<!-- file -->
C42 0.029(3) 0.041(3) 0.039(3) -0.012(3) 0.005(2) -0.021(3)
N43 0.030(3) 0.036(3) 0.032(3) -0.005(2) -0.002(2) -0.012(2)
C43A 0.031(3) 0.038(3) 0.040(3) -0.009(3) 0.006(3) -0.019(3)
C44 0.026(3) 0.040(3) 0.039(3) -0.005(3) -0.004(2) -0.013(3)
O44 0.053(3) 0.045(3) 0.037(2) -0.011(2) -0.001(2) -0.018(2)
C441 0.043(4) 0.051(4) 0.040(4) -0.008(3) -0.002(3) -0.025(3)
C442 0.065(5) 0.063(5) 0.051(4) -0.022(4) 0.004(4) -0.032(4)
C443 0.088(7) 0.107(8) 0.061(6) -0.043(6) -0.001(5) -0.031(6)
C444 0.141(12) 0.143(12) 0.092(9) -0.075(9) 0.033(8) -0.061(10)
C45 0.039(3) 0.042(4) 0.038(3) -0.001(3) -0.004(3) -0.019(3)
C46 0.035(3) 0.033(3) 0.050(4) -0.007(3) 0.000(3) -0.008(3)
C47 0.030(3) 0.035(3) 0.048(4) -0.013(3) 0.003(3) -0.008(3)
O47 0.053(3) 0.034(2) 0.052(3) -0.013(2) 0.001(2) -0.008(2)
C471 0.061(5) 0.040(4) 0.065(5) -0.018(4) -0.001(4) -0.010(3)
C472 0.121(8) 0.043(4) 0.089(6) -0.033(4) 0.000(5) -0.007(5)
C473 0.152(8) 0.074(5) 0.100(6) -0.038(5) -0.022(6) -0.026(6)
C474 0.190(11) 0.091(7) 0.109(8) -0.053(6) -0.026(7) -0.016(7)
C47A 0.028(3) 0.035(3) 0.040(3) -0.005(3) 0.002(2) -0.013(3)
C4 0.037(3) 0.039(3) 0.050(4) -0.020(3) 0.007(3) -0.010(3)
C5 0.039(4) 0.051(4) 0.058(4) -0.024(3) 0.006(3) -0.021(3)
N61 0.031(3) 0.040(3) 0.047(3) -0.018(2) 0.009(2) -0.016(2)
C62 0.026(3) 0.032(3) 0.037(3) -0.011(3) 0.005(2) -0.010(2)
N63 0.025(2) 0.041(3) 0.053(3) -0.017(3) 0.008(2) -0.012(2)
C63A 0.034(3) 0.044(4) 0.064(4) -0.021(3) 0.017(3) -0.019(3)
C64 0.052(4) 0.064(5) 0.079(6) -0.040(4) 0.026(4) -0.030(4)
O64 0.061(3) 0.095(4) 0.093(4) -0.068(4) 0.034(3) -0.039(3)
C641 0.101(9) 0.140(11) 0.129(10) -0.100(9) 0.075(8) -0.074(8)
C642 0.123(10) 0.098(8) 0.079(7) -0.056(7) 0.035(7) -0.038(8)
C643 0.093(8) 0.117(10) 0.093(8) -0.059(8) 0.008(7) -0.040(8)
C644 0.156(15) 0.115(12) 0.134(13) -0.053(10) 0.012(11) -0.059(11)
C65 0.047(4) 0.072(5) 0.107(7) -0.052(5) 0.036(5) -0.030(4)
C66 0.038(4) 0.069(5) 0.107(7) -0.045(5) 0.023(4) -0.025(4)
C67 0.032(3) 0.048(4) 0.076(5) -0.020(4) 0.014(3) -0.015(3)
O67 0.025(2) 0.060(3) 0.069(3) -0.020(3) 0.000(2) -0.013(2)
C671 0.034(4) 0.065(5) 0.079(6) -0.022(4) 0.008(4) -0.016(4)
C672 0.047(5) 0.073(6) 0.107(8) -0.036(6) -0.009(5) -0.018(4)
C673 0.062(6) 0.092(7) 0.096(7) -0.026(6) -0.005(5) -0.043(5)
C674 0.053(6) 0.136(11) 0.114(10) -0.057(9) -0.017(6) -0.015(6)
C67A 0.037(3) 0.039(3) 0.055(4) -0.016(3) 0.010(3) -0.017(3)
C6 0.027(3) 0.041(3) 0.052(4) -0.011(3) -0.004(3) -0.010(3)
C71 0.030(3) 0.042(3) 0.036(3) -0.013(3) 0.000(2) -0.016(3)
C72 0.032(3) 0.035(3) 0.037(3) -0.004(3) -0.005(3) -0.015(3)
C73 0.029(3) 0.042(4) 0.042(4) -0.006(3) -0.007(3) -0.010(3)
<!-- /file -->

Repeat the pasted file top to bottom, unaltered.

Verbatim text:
C42 0.029(3) 0.041(3) 0.039(3) -0.012(3) 0.005(2) -0.021(3)
N43 0.030(3) 0.036(3) 0.032(3) -0.005(2) -0.002(2) -0.012(2)
C43A 0.031(3) 0.038(3) 0.040(3) -0.009(3) 0.006(3) -0.019(3)
C44 0.026(3) 0.040(3) 0.039(3) -0.005(3) -0.004(2) -0.013(3)
O44 0.053(3) 0.045(3) 0.037(2) -0.011(2) -0.001(2) -0.018(2)
C441 0.043(4) 0.051(4) 0.040(4) -0.008(3) -0.002(3) -0.025(3)
C442 0.065(5) 0.063(5) 0.051(4) -0.022(4) 0.004(4) -0.032(4)
C443 0.088(7) 0.107(8) 0.061(6) -0.043(6) -0.001(5) -0.031(6)
C444 0.141(12) 0.143(12) 0.092(9) -0.075(9) 0.033(8) -0.061(10)
C45 0.039(3) 0.042(4) 0.038(3) -0.001(3) -0.004(3) -0.019(3)
C46 0.035(3) 0.033(3) 0.050(4) -0.007(3) 0.000(3) -0.008(3)
C47 0.030(3) 0.035(3) 0.048(4) -0.013(3) 0.003(3) -0.008(3)
O47 0.053(3) 0.034(2) 0.052(3) -0.013(2) 0.001(2) -0.008(2)
C471 0.061(5) 0.040(4) 0.065(5) -0.018(4) -0.001(4) -0.010(3)
C472 0.121(8) 0.043(4) 0.089(6) -0.033(4) 0.000(5) -0.007(5)
C473 0.152(8) 0.074(5) 0.100(6) -0.038(5) -0.022(6) -0.026(6)
C474 0.190(11) 0.091(7) 0.109(8) -0.053(6) -0.026(7) -0.016(7)
C47A 0.028(3) 0.035(3) 0.040(3) -0.005(3) 0.002(2) -0.013(3)
C4 0.037(3) 0.039(3) 0.050(4) -0.020(3) 0.007(3) -0.010(3)
C5 0.039(4) 0.051(4) 0.058(4) -0.024(3) 0.006(3) -0.021(3)
N61 0.031(3) 0.040(3) 0.047(3) -0.018(2) 0.009(2) -0.016(2)
C62 0.026(3) 0.032(3) 0.037(3) -0.011(3) 0.005(2) -0.010(2)
N63 0.025(2) 0.041(3) 0.053(3) -0.017(3) 0.008(2) -0.012(2)
C63A 0.034(3) 0.044(4) 0.064(4) -0.021(3) 0.017(3) -0.019(3)
C64 0.052(4) 0.064(5) 0.079(6) -0.040(4) 0.026(4) -0.030(4)
O64 0.061(3) 0.095(4) 0.093(4) -0.068(4) 0.034(3) -0.039(3)
C641 0.101(9) 0.140(11) 0.129(10) -0.100(9) 0.075(8) -0.074(8)
C642 0.123(10) 0.098(8) 0.079(7) -0.056(7) 0.035(7) -0.038(8)
C643 0.093(8) 0.117(10) 0.093(8) -0.059(8) 0.008(7) -0.040(8)
C644 0.156(15) 0.115(12) 0.134(13) -0.053(10) 0.012(11) -0.059(11)
C65 0.047(4) 0.072(5) 0.107(7) -0.052(5) 0.036(5) -0.030(4)
C66 0.038(4) 0.069(5) 0.107(7) -0.045(5) 0.023(4) -0.025(4)
C67 0.032(3) 0.048(4) 0.076(5) -0.020(4) 0.014(3) -0.015(3)
O67 0.025(2) 0.060(3) 0.069(3) -0.020(3) 0.000(2) -0.013(2)
C671 0.034(4) 0.065(5) 0.079(6) -0.022(4) 0.008(4) -0.016(4)
C672 0.047(5) 0.073(6) 0.107(8) -0.036(6) -0.009(5) -0.018(4)
C673 0.062(6) 0.092(7) 0.096(7) -0.026(6) -0.005(5) -0.043(5)
C674 0.053(6) 0.136(11) 0.114(10) -0.057(9) -0.017(6) -0.015(6)
C67A 0.037(3) 0.039(3) 0.055(4) -0.016(3) 0.010(3) -0.017(3)
C6 0.027(3) 0.041(3) 0.052(4) -0.011(3) -0.004(3) -0.010(3)
C71 0.030(3) 0.042(3) 0.036(3) -0.013(3) 0.000(2) -0.016(3)
C72 0.032(3) 0.035(3) 0.037(3) -0.004(3) -0.005(3) -0.015(3)
C73 0.029(3) 0.042(4) 0.042(4) -0.006(3) -0.007(3) -0.010(3)